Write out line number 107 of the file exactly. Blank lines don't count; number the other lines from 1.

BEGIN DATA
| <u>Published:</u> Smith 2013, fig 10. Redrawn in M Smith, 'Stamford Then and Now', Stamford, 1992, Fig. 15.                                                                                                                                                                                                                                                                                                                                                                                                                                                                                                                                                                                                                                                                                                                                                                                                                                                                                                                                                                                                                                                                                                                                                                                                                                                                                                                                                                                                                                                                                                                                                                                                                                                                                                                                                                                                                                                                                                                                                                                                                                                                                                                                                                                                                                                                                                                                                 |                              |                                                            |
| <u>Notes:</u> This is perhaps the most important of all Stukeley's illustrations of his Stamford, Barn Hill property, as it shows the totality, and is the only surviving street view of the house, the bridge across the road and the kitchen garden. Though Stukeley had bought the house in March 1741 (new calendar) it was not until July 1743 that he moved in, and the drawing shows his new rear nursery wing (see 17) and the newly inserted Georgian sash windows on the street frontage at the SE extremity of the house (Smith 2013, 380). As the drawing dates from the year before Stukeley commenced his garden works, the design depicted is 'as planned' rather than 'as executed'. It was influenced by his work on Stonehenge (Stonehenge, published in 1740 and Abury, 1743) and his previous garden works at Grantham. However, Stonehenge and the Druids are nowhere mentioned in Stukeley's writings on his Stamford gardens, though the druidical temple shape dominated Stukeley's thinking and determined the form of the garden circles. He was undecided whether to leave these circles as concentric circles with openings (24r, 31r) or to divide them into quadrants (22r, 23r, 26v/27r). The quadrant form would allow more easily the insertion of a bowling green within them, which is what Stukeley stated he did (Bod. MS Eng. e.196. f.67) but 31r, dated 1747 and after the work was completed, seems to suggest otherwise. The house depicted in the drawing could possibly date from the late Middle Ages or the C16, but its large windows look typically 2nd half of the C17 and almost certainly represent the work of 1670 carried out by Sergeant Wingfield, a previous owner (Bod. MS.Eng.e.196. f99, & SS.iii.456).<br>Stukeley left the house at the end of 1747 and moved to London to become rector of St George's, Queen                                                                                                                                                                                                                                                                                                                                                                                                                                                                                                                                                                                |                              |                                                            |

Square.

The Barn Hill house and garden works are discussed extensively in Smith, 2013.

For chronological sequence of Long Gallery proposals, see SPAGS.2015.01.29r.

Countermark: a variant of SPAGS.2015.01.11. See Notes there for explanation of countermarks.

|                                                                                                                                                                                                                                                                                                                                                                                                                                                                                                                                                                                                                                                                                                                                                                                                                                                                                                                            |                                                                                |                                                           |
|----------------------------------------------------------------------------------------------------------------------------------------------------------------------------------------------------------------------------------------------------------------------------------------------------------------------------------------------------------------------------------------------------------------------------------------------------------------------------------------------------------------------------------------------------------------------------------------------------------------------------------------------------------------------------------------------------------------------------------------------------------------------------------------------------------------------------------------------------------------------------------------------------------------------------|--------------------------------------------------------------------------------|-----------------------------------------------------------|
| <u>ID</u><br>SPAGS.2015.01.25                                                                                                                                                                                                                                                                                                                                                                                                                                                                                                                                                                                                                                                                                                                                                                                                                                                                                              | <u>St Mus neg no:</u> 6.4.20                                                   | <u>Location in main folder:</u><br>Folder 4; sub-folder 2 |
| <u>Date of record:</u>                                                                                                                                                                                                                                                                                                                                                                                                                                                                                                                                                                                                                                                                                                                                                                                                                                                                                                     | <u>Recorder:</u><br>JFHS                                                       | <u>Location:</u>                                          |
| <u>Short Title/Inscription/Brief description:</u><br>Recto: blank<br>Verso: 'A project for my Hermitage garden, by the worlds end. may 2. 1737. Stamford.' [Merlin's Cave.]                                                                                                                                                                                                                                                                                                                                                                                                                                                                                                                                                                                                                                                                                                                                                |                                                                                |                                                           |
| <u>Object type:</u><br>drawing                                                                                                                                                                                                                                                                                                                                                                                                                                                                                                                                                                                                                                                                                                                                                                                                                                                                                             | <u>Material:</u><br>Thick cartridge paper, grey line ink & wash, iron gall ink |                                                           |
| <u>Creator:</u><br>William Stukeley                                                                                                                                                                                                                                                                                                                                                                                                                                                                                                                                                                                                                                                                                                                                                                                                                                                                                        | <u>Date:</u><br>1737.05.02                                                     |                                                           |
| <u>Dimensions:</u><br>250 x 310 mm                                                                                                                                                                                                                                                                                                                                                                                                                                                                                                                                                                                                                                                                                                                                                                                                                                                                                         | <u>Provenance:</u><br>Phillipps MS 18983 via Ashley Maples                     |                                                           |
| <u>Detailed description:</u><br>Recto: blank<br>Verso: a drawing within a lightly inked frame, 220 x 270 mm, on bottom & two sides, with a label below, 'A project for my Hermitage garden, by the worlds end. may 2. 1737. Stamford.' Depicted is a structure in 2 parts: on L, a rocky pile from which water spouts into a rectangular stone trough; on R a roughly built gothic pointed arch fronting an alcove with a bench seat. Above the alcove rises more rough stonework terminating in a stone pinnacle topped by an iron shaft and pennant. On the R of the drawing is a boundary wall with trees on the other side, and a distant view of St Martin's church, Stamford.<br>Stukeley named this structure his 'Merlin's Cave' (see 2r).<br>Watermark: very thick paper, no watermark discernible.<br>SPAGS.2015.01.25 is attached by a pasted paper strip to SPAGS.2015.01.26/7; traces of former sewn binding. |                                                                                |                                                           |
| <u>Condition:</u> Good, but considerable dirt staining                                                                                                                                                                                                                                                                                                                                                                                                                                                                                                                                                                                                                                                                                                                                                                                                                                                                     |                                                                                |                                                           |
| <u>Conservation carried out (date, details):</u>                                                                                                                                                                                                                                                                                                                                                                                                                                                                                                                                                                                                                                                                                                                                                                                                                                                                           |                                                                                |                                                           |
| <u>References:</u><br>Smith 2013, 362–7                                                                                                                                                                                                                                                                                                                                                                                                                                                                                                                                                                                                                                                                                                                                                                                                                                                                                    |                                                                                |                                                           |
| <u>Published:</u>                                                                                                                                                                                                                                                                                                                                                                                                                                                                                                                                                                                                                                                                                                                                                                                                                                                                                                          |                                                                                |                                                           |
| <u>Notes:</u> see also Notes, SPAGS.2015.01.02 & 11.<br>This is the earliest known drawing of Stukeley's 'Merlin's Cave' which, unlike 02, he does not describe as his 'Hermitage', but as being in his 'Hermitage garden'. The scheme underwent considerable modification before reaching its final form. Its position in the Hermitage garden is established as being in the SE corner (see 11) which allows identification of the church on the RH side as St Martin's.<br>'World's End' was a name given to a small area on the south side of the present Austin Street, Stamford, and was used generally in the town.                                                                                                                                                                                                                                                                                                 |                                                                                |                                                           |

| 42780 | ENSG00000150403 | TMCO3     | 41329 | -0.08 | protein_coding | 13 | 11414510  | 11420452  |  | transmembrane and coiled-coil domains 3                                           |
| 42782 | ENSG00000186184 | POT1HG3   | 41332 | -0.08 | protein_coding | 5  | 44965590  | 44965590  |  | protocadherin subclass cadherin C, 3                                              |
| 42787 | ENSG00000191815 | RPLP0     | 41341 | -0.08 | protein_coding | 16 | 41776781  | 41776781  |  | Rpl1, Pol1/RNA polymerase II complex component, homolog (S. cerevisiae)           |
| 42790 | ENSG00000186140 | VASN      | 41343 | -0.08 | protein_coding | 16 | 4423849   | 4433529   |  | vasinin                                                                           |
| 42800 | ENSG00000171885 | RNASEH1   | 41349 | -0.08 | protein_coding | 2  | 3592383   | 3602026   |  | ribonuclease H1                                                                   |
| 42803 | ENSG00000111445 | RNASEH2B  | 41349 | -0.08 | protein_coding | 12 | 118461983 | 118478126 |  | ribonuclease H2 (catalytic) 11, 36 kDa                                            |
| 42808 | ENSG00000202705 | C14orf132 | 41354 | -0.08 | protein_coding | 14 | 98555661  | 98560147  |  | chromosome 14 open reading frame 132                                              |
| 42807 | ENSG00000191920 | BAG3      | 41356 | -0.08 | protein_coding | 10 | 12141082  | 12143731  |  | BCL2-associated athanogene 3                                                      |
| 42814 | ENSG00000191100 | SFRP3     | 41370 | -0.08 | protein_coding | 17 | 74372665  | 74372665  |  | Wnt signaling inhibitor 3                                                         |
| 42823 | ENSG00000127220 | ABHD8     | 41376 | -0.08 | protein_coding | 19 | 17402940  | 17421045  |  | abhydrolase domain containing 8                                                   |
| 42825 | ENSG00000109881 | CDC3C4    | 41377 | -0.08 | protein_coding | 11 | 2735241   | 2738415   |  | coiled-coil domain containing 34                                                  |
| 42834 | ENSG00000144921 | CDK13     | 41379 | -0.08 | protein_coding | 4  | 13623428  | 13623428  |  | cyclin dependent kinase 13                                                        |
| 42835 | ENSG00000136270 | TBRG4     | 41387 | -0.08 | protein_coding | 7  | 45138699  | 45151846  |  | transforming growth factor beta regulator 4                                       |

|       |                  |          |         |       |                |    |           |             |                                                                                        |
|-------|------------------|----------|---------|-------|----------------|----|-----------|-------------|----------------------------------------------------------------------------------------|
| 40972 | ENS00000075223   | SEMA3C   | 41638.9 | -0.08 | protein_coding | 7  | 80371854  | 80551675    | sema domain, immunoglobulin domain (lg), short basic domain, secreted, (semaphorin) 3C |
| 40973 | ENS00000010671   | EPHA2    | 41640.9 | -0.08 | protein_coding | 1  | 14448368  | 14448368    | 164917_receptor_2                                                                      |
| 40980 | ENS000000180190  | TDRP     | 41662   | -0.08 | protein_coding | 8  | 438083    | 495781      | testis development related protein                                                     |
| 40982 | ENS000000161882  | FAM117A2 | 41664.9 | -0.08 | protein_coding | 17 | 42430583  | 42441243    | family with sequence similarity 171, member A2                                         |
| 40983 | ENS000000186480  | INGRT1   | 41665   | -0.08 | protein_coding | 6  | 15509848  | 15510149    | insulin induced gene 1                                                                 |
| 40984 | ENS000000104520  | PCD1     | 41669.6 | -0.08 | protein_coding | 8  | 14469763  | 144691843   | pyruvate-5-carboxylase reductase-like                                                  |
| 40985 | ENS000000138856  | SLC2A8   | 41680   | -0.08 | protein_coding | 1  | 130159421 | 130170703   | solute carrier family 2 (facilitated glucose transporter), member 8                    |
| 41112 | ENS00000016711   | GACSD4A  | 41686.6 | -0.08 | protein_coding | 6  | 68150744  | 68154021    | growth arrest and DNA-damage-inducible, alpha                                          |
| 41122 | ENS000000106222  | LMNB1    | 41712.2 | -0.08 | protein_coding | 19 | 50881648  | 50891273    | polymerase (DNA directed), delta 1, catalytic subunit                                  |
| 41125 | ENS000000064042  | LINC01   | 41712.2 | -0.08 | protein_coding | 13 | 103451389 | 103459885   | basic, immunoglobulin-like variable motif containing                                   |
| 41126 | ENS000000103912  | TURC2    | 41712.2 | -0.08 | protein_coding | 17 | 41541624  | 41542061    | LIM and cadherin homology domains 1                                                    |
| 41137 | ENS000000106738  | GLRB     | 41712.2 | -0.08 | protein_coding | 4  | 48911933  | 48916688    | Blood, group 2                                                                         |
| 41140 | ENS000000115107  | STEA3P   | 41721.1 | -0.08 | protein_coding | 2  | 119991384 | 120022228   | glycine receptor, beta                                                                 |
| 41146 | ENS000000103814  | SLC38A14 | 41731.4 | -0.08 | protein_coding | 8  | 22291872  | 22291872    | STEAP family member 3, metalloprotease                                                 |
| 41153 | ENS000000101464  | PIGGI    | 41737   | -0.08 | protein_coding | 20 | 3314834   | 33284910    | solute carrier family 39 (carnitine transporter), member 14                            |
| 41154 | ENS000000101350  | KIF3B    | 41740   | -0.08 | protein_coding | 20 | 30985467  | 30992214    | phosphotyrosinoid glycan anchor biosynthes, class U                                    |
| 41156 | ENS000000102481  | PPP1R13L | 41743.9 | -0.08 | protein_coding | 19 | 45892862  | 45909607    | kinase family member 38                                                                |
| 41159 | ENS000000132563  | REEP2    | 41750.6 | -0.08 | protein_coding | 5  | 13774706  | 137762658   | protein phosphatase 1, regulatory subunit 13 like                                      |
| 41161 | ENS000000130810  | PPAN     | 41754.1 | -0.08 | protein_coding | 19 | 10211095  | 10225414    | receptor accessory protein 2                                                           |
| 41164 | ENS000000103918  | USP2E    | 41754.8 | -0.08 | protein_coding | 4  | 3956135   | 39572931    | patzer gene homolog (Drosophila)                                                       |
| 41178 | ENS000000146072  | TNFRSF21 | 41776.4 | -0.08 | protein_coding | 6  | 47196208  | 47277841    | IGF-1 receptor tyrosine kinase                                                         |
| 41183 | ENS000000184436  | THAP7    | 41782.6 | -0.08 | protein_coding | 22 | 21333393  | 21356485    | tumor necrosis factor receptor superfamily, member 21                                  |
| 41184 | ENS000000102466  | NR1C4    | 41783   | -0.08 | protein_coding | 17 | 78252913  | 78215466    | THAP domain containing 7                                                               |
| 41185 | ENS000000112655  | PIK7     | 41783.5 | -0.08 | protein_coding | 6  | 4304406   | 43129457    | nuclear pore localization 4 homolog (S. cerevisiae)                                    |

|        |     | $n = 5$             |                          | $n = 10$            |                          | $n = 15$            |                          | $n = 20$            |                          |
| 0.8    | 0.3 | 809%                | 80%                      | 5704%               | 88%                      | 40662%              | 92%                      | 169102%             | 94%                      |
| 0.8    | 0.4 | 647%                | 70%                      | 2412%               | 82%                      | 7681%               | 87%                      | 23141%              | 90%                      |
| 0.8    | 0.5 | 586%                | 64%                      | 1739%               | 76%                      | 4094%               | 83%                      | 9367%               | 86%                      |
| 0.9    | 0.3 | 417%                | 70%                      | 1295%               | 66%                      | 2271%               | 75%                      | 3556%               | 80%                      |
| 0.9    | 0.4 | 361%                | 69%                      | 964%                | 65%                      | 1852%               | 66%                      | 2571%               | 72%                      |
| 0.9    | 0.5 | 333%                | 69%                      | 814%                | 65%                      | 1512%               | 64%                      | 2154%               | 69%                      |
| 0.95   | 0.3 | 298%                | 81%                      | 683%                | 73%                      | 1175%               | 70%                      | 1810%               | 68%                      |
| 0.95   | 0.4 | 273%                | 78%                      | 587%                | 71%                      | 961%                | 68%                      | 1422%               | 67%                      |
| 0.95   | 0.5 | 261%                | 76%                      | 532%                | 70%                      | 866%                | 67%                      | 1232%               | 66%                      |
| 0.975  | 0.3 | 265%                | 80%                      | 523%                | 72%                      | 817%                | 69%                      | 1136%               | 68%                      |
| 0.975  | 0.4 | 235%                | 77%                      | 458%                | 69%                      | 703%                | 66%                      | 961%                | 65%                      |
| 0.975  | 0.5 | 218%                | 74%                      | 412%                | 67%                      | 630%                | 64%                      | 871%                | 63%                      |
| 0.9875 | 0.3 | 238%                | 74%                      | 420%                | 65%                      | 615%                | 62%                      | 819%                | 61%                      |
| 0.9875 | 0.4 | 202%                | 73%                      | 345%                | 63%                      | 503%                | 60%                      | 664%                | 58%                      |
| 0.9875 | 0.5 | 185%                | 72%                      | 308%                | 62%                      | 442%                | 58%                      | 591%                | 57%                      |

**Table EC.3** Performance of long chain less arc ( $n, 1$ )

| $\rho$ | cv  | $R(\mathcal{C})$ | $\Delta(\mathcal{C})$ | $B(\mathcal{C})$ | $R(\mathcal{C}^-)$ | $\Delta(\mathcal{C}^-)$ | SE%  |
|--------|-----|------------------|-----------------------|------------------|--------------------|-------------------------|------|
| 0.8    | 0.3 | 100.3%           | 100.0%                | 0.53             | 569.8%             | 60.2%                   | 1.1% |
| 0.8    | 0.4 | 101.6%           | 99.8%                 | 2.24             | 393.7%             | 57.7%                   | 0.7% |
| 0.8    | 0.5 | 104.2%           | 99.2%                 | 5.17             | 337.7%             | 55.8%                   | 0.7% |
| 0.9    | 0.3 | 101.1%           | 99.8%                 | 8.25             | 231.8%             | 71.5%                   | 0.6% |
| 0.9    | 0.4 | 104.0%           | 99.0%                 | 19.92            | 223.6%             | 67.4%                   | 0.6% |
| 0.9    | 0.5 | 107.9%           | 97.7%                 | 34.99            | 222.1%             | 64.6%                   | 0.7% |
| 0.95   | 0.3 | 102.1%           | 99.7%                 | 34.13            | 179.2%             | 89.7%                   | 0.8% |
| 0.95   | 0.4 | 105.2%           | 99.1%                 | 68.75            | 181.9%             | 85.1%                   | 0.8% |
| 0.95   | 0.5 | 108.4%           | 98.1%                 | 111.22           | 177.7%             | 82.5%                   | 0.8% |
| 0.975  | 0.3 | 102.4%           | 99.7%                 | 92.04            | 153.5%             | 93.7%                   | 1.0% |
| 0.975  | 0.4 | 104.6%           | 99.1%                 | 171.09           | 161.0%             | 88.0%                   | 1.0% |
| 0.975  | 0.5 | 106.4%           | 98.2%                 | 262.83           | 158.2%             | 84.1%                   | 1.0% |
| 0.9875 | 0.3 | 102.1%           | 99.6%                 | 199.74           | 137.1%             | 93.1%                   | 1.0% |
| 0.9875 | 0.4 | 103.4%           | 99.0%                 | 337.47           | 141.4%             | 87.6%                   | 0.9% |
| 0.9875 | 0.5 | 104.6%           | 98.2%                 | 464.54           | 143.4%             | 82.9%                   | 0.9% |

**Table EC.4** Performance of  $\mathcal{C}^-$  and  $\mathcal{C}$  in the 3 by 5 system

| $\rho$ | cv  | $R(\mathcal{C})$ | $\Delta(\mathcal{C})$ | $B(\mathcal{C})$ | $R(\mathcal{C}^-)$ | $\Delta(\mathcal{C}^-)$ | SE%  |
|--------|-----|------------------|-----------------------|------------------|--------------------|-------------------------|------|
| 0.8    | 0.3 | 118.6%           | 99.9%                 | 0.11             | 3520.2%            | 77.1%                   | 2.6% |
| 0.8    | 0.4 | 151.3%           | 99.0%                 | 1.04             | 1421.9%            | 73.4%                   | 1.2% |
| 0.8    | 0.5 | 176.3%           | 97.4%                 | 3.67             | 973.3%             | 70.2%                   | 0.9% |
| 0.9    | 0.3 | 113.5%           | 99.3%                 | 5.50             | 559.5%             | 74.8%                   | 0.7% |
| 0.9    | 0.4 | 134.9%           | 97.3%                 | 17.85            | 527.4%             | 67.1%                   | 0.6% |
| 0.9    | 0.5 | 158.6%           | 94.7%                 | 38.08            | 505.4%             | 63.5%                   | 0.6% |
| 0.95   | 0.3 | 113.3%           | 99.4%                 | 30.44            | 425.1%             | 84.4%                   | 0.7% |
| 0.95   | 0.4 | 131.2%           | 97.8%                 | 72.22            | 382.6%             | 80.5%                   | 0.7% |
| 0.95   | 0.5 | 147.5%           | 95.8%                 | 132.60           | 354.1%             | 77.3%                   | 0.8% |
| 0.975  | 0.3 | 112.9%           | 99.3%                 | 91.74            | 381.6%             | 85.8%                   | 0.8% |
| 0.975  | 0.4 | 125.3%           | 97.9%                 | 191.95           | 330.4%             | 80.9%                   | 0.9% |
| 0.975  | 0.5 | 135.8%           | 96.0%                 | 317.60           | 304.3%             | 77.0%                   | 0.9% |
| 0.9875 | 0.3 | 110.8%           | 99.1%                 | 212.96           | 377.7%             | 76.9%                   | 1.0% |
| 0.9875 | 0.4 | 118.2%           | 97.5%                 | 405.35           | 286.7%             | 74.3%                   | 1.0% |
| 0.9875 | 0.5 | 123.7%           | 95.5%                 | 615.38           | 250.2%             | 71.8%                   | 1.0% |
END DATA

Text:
| 0.975  | 0.4 | 125.3%           | 97.9%                 | 191.95           | 330.4%             | 80.9%                   | 0.9% |